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Louise Mallard’s Demise in “The Story of an Hour” by Kate Chopin

Louise Mallard’s Demise in “The Story of an Hour” by Kate Chopin
Kate Chopin’s short story, “The Story of an Hour”, is about a woman, named Louise Mallard, in the late 1800s who is told that her husband, Brently, has died in a railroad accident. Initially, Louise is surprised, distressed, and drowned in sorrow. After mourning the loss, the woman realizes that she is finally free and independent, and that the only person she has to live for is herself. She becomes overwhelmed with joy about her new discovery of freedom, and dreams of all of the wonderful events in life that lie ahead of her. Louise’s sister finally convinces her to leave her room and come back into reality. While Louise is walking down her steps, her husband surprisingly enters through the door because he was actually not killed in the accident. At the same moment, Louise collapses and dies, supposedly from “heart disease-of joy that kills” (Chopin 706).
Many people interpret that Louise passes away from shock and disappointment from discovering her husband is actually alive. They feel that when Louise finally accepts that her husband is deceased and she discovers freedom, that seeing her husband alive causes her to get depressed, go into shock, and die. On the other hand, a more unique interpretation of Mallard’s death would be that she passed away from excitement and anxiousness from being completely independent, and having various opportunities in store for herself. Mallard may have not been able to handle the new exhilaration directly after experiencing deep depression and grief from the news of her husband’s accident. Some supporting evidence that Louise did not collapse from seeing her husband alive, is that the passage never directly states that she actua...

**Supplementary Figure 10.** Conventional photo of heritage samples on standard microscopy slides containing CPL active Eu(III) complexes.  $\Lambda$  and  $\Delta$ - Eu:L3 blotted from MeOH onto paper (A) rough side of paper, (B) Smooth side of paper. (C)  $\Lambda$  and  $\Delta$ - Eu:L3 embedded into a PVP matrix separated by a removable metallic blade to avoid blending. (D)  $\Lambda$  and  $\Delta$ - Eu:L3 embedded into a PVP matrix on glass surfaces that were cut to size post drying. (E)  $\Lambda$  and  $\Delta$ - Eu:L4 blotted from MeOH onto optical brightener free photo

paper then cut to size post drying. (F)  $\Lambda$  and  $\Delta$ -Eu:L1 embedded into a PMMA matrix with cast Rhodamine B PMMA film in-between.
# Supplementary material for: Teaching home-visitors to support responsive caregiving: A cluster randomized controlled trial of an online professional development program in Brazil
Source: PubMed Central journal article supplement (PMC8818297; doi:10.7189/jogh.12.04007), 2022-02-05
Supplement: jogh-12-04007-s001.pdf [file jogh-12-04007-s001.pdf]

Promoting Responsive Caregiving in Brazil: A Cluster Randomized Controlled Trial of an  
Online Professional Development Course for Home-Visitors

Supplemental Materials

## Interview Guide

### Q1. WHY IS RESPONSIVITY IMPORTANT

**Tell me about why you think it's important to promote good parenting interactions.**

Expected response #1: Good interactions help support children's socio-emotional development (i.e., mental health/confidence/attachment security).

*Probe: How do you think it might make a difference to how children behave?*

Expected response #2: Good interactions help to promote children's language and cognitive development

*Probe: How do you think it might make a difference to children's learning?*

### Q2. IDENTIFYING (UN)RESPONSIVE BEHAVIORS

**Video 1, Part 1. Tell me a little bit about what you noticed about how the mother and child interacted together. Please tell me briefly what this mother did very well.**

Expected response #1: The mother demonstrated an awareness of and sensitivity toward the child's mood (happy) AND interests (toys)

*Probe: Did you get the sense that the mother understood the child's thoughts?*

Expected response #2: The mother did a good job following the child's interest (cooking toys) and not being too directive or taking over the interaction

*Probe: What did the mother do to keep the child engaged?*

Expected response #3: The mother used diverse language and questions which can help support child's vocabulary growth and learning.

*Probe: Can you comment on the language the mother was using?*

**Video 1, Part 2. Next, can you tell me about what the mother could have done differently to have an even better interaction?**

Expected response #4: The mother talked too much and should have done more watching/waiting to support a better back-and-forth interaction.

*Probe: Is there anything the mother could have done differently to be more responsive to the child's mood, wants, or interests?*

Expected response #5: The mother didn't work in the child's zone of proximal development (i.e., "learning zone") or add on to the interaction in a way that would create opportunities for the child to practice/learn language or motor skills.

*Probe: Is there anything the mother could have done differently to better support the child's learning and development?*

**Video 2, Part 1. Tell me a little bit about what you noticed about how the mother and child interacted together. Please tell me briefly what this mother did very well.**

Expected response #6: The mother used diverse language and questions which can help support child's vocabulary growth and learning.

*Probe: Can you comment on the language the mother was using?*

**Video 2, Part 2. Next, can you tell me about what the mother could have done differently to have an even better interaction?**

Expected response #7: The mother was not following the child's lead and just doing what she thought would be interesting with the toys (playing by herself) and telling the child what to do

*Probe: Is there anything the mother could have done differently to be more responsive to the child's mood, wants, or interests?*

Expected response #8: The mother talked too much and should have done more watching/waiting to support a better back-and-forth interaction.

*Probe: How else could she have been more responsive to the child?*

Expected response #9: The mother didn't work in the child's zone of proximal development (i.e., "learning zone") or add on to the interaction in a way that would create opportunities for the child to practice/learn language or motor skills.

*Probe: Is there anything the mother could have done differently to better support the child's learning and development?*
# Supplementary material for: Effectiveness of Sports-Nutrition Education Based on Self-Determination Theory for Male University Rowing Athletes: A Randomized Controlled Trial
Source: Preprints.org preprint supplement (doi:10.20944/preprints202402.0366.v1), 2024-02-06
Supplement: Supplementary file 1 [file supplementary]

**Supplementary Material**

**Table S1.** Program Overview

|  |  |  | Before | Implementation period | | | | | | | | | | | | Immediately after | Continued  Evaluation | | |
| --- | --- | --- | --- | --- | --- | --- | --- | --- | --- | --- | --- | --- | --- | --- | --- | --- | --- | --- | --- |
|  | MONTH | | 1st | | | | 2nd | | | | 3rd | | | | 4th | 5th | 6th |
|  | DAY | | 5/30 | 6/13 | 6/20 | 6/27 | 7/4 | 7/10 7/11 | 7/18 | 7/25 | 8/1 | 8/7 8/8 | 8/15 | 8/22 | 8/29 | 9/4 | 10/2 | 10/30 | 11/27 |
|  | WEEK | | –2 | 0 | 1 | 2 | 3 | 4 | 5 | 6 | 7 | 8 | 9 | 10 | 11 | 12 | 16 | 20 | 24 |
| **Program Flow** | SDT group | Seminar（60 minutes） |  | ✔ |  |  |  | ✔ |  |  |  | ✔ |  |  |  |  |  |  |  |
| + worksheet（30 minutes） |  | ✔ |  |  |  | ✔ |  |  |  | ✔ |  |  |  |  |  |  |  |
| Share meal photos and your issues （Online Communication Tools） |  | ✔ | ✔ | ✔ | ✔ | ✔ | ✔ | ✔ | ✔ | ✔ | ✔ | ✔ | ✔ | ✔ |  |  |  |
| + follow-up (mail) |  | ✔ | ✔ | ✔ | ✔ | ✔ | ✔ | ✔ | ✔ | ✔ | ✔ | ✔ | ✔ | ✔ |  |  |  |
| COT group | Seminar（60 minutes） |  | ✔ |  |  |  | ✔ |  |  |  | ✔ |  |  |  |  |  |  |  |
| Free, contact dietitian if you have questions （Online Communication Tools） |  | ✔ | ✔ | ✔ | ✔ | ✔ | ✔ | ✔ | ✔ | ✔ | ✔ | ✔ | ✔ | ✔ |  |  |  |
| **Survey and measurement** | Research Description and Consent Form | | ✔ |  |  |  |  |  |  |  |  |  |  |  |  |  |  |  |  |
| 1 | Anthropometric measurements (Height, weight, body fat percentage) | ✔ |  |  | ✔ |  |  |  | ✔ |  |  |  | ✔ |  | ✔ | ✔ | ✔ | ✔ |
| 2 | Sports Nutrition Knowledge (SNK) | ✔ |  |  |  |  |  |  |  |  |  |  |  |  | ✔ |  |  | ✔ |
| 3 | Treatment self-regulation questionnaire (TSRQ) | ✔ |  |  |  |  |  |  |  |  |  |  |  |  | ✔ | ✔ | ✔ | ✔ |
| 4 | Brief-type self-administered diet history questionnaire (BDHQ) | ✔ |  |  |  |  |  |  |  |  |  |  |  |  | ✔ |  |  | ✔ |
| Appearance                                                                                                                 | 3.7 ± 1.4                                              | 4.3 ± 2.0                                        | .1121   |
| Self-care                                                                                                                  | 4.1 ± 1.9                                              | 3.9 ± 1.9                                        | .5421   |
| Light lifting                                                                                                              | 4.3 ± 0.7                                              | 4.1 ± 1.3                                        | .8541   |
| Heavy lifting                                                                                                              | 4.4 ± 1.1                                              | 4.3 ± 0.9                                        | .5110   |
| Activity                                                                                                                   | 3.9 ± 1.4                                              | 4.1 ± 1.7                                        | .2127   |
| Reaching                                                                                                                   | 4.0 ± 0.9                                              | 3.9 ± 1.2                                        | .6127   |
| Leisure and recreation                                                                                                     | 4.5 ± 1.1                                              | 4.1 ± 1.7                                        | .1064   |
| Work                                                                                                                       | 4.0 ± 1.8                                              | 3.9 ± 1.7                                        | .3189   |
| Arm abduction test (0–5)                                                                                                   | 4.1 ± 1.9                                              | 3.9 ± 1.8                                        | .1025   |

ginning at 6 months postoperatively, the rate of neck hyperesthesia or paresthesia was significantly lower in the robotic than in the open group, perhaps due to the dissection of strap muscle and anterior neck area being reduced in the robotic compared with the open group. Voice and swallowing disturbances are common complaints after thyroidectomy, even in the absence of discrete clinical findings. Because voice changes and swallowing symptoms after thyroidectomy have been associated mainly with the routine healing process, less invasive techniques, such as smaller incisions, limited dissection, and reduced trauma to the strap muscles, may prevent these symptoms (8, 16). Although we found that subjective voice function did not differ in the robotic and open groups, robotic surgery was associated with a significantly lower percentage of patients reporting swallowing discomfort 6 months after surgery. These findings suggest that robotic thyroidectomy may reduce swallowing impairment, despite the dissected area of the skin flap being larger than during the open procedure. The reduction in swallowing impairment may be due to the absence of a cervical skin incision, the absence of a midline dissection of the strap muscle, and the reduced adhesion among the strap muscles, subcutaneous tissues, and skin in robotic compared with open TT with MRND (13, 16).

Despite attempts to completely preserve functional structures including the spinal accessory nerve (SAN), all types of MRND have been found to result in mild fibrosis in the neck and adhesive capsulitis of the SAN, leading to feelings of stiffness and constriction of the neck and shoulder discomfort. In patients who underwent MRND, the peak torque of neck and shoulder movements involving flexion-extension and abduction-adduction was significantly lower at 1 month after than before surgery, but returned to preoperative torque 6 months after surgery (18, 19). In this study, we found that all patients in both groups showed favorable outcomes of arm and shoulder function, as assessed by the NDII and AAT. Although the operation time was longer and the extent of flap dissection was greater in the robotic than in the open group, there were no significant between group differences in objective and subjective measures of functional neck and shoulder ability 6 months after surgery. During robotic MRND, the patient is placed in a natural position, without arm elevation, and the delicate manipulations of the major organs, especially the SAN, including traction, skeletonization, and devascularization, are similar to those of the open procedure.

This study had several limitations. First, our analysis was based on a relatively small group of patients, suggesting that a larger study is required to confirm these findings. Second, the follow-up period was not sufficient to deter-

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...Mallard’s death up to the reader’s own interpretation, but it seems that she is trying to secretly prove that women do not have to be dependent upon men. Chopin demonstrates throughout the literary work that women can possess joy without having a man by their side, which contradicts the beliefs of the 1800’s society. Chopin’s use of an ambiguous death and irony successfully create an entertaining story that courageously takes a stand for women’s freedom.

Works Cited

Chopin, Kate. "The Story of an Hour." Making Literature Matter: An Anthology for Readers and Writers. Eds. John Schilb, and John Clifford. 5th. Boston, MA: Bedford/St. Martin's, 2012. 705-706. Print.
Cunningham, Mark. "The Autonomous Female Self And The Death Of Louise Mallard In Kate Chopin's "Story Of An Hour.." English Language Notes 42.1 (2004): 48-55. Academic Search Complete. Web. 11 Feb. 2014.

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